“I pray that out of his glorious riches he may strengthen you with power through his Spirit in your inner being,  so that Christ may dwell in your hearts through faith.”

– Ephesians 3:16-17

Centering prayer can be described as silent prayer – turning your attention to God in solitude and simply “centering” your thoughts on Him. The emphasis is resting silently in the presence of God for a length of time, comfortably and away from possible distractions.   

Jesus models such prayer of silence and solitude in the the gospel (Luke 5:16).  The examples are vast.  Before telling his disciples about his death, Jesus prayed alone (Luke 9:18).   Mark 6:46 records Jesus going up on a mountain to pray deep into the night.   Jesus even instructs, “whenever you pray, go into your room and shut the door and pray to your Father (Matthew 6:6).”  Centering prayer is also part of our Christian heritage and many earlier believers such as Teresa of Avila and John of the Cross have used variations of it to become attentive to God.  Moving forward in time to 1970, Trappist monks of St. Joseph’s Abbey in Massachusetts practiced using it.  In 2004, Cynthia Bourgault wrote a book, Centering Prayer and Inner Awakening, that describes the psychology behind it.  Today, many believers across a wide variety of Christian traditions continue practicing this discipline.  

How does centering prayer work?  Before sitting silence, decide on a sacred word that symbolizes your intention to be open to God.   This can be anything from a fruit of the spirit in Galatians 5:22 (love, joy, peace, patience, kindness, goodness, faithfulness, gentleness, forbearance) or simply just Abba, Father, or Jesus.  The sacred word is used to form your imagination.  Ponder it gently as you sit in God’s presence.  If you become distracted with another thought or emotion, give yourself grace and come back to your sacred word as a gently as possible with a reminder that you are present with God.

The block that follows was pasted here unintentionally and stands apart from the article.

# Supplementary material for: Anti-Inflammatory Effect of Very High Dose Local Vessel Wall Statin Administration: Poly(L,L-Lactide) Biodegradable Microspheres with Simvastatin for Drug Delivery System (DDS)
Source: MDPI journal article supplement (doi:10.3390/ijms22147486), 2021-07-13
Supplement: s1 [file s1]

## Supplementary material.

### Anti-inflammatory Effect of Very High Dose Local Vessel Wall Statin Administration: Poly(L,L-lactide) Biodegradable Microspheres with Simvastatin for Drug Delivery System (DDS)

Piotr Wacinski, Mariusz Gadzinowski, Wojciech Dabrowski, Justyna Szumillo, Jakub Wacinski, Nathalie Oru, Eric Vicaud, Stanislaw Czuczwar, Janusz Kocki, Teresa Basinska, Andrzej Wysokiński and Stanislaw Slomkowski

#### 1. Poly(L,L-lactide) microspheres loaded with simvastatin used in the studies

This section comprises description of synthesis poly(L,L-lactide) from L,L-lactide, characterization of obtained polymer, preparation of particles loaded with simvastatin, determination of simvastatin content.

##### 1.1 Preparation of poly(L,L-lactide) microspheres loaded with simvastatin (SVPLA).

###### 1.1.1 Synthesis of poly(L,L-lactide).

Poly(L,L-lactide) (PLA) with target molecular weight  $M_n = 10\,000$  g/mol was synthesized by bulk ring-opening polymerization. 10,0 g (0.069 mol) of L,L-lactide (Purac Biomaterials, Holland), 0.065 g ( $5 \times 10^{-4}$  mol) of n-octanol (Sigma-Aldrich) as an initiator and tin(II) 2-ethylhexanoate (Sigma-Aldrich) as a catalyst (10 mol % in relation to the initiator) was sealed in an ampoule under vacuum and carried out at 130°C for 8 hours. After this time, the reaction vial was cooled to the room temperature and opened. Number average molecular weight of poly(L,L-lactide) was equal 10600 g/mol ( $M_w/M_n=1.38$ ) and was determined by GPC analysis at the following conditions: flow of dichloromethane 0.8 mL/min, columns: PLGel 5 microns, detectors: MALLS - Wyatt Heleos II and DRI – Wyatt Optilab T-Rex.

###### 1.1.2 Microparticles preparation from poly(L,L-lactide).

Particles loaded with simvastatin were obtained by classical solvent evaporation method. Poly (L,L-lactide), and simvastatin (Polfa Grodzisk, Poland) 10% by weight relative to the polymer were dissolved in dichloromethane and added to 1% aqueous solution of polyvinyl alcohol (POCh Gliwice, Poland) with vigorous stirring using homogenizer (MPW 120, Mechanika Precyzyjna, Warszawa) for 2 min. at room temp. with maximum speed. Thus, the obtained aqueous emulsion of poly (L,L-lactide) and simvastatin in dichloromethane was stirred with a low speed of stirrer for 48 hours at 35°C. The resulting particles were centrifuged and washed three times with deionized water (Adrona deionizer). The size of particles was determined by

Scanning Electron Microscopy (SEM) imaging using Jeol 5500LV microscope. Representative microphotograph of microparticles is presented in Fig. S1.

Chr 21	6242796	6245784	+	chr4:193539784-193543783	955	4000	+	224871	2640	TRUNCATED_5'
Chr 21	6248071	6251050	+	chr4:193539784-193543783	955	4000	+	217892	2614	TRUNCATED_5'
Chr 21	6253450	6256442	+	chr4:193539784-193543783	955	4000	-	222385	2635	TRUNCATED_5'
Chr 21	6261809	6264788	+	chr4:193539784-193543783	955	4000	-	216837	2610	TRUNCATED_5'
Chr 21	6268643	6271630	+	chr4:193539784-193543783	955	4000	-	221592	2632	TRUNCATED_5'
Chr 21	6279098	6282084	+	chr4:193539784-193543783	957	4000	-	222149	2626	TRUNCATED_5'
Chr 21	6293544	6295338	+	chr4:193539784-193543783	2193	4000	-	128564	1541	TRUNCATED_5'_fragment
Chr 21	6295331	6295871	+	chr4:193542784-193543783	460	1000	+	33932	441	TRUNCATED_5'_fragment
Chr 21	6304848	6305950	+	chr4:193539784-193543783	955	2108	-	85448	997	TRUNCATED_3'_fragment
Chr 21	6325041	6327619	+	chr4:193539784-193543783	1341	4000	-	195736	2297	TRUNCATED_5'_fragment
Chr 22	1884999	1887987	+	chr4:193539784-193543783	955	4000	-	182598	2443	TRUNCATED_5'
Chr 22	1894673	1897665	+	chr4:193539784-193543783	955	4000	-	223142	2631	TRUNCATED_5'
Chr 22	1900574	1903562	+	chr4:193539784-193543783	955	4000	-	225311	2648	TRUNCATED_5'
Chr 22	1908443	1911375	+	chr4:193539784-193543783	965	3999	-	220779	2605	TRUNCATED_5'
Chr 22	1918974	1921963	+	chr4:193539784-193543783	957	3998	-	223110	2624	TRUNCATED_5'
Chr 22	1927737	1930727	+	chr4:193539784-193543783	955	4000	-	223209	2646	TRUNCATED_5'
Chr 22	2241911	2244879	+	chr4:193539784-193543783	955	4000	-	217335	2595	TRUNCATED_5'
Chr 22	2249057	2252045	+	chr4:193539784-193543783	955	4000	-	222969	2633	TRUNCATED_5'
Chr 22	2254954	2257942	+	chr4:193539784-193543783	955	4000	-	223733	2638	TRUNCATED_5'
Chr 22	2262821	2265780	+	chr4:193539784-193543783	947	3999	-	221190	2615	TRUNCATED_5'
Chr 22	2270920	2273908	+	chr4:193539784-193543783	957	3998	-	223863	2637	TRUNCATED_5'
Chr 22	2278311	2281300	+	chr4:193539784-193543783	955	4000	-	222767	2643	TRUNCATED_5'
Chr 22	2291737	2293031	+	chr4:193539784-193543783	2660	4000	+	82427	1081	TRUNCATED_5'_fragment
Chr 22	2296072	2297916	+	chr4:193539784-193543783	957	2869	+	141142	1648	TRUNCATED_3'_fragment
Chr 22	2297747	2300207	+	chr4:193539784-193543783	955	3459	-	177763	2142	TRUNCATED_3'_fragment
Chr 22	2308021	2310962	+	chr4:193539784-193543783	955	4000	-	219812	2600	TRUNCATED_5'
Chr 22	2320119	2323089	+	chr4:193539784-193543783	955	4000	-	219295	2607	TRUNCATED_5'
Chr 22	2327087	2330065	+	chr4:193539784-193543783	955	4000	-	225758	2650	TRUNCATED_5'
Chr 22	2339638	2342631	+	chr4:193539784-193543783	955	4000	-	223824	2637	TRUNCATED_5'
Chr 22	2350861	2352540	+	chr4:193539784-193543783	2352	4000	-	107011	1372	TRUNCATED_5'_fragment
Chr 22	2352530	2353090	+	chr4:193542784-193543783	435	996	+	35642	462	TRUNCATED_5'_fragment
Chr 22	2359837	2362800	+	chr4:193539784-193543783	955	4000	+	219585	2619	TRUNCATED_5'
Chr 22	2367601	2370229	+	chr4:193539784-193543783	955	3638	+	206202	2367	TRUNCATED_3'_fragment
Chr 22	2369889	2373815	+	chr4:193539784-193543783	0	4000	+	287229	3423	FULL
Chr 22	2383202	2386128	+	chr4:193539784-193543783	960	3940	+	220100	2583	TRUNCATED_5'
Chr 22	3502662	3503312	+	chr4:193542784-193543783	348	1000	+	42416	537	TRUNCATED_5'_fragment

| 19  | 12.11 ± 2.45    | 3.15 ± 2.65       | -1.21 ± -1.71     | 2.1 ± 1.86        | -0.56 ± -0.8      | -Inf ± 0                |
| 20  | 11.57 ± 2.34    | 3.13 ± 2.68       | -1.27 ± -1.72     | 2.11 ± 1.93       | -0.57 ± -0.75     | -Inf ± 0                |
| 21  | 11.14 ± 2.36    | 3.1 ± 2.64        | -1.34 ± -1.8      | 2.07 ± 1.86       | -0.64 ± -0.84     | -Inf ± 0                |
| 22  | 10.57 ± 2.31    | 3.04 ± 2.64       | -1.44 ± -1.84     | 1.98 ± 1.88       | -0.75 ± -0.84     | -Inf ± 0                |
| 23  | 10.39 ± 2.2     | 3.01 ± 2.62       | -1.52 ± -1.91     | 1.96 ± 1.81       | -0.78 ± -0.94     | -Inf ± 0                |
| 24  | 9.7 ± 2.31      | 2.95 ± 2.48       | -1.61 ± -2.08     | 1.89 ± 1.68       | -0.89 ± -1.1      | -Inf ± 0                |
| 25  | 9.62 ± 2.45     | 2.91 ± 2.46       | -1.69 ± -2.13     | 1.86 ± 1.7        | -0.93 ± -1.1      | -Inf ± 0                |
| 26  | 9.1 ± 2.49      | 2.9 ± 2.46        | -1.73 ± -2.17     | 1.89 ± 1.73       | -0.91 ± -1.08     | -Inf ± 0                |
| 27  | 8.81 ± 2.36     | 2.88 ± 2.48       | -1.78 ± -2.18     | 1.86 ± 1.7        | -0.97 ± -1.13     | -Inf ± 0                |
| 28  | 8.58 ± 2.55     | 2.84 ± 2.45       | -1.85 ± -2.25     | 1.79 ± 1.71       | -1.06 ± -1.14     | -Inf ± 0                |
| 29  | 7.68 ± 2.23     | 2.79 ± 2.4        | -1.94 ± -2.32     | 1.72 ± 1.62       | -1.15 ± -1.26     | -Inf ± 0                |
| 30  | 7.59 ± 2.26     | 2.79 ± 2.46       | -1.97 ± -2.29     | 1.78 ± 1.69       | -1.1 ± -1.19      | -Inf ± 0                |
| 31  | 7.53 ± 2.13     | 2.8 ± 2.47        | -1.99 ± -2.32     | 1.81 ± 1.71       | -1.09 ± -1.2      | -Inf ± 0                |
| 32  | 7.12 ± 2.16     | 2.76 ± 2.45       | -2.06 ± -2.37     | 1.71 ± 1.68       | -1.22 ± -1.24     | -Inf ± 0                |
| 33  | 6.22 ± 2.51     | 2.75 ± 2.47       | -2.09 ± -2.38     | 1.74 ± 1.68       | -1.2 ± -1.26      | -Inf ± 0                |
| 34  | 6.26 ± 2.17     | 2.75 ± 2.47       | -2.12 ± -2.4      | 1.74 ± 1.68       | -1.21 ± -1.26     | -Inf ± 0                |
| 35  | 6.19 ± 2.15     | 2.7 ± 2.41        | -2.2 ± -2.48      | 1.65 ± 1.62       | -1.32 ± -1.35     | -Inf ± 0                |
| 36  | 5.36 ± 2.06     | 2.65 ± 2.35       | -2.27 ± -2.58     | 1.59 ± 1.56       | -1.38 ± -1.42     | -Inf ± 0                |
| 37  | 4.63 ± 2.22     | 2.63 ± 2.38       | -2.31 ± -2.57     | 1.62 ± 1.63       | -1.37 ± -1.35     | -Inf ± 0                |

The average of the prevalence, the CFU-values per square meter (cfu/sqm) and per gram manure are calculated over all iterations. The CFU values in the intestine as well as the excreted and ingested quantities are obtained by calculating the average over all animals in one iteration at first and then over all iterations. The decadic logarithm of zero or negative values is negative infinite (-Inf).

The benefits of centering prayer are many, which includes getting insights and revelations.   It is a way of meditating, reflecting on God’s truths and internalizing them deeply into our own lifestyles.   Sometimes, you may experience an overwhelming sense of peace or joy rush into your soul or even hear God speak into your life.    Centering prayer is a bridge in which one can get God from their mind and into the heart.

Here are the steps

  1. Find a quiet and comfortable place and minimize distractions.
  2. Choose a sacred word (peace, joy, Father, Abba, etc). 
  3. Be still for 20 minutes. Close your eyes and sit with God.   Let the sacred word form your imagination.      
  4. If there are any distracting thoughts, let them go and return to your sacred word gently.  It is important to know there may be distractions but do not be too hard on yourself.
  5. At the end the 20 minutes, converse with God.  Slowly open your eyes and go about your day.

What is your experience with centering prayer?

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